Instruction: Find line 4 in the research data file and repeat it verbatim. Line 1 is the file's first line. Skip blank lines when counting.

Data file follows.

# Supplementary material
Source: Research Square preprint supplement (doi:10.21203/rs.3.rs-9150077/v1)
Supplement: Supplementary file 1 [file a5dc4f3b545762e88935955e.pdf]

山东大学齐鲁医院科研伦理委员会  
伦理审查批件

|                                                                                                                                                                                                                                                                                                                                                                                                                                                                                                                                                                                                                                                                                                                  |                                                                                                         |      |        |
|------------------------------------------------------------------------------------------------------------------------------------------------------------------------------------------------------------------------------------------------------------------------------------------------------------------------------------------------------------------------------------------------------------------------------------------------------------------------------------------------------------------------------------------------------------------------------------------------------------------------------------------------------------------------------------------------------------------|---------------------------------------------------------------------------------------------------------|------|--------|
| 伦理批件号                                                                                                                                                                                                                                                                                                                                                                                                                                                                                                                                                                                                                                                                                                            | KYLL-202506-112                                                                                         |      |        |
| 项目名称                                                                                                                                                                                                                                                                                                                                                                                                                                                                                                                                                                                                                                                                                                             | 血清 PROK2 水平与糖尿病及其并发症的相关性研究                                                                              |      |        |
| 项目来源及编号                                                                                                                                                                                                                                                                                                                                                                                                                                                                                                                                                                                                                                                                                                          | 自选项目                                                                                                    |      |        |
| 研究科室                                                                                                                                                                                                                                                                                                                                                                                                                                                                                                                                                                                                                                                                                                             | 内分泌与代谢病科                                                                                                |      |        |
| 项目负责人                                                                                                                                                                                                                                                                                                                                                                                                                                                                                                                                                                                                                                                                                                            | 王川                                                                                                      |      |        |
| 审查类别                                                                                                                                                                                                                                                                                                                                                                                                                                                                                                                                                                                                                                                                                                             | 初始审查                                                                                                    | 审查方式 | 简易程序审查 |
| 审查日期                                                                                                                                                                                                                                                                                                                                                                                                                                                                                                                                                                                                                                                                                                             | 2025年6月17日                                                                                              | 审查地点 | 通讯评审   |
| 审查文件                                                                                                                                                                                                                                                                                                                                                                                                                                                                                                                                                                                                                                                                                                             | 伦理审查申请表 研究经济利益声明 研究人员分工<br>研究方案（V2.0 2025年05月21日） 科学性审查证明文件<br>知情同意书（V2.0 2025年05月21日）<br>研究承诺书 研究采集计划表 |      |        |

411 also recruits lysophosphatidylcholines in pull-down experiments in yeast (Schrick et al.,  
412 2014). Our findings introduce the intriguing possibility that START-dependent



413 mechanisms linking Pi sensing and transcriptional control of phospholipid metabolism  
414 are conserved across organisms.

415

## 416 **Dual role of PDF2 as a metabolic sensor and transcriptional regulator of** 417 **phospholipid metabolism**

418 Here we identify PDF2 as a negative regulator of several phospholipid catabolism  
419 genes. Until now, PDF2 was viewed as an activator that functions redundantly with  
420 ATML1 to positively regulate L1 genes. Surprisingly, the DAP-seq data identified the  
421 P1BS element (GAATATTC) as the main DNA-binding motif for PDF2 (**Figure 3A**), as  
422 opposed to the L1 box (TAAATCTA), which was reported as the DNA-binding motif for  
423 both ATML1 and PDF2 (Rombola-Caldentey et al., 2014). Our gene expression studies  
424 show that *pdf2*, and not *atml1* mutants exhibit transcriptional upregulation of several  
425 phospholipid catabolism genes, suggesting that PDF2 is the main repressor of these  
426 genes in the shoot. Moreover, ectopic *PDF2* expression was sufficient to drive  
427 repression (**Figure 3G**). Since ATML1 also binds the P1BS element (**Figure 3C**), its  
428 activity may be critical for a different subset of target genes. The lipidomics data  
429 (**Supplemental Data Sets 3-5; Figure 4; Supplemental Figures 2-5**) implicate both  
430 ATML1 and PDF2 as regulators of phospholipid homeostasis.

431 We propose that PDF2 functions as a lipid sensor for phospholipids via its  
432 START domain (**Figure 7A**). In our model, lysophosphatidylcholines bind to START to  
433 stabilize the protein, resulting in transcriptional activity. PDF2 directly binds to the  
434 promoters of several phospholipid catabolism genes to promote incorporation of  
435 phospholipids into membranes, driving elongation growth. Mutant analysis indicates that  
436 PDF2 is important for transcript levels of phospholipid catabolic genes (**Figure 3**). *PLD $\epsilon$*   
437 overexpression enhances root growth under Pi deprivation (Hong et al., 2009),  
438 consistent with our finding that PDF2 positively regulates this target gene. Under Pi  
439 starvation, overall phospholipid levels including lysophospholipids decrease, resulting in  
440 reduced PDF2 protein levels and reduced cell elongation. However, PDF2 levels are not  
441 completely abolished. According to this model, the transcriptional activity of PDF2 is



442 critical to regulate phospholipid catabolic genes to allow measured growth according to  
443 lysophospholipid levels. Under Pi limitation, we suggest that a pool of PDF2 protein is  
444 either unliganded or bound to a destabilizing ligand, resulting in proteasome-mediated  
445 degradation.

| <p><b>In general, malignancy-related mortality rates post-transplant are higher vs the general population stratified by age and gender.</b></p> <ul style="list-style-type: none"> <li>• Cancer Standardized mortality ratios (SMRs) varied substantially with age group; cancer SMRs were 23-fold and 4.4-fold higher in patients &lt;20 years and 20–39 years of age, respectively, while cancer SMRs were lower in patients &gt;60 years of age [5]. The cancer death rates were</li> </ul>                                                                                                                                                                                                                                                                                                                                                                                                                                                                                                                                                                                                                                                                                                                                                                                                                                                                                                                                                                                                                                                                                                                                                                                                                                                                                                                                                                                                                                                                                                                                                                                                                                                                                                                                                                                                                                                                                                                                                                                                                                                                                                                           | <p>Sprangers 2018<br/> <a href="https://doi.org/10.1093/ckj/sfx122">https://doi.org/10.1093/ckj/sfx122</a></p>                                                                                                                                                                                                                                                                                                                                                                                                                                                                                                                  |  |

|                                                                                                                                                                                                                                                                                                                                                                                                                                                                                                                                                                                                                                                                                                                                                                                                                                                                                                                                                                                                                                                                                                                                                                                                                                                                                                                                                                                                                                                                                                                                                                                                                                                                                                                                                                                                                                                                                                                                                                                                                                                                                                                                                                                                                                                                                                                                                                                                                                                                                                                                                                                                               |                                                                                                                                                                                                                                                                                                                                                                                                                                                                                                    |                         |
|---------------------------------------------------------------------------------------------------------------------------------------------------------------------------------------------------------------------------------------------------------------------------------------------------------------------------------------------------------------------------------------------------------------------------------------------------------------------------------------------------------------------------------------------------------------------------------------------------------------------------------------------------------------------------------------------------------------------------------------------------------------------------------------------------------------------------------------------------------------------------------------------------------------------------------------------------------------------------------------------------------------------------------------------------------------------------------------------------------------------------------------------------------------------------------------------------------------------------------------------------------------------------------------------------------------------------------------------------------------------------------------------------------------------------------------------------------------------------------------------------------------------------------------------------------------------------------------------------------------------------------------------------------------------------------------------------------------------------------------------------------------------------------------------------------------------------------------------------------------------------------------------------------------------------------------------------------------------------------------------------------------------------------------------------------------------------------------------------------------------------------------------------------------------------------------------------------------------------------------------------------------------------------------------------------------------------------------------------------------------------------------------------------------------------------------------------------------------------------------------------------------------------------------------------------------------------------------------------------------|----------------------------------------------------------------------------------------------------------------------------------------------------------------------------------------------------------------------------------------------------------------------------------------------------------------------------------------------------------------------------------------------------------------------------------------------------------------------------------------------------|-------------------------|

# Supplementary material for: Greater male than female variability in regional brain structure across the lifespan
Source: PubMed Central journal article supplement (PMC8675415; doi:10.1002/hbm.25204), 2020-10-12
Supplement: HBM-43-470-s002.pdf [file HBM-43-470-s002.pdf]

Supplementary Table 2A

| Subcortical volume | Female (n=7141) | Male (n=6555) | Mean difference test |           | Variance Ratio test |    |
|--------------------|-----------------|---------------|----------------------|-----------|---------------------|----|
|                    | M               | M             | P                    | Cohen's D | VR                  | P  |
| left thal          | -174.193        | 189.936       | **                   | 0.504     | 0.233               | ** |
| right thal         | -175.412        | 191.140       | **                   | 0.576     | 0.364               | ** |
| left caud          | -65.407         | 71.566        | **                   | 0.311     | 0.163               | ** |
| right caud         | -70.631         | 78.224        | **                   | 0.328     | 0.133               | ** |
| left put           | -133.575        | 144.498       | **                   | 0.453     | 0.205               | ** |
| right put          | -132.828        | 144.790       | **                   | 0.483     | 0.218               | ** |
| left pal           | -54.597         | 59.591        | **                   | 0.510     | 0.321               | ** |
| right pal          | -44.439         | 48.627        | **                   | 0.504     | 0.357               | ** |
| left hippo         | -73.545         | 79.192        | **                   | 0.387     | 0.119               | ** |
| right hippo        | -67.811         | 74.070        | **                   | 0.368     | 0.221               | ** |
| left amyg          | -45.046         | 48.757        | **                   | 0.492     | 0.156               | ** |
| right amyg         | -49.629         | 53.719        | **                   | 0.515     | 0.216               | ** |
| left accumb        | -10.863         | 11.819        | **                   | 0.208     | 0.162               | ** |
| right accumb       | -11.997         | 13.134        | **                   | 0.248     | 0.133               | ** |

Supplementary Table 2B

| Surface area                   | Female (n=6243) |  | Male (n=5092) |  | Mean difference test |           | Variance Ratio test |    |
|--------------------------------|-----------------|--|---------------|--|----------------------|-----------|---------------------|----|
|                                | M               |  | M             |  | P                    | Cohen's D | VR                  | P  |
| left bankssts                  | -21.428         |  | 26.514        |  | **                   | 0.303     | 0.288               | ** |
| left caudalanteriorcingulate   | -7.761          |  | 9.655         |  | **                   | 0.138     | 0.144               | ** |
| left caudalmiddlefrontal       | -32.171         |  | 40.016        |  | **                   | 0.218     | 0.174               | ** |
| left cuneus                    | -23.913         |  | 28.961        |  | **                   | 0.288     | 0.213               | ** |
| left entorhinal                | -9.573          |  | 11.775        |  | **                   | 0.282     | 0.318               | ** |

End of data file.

山东大学齐鲁医院科研伦理委员会  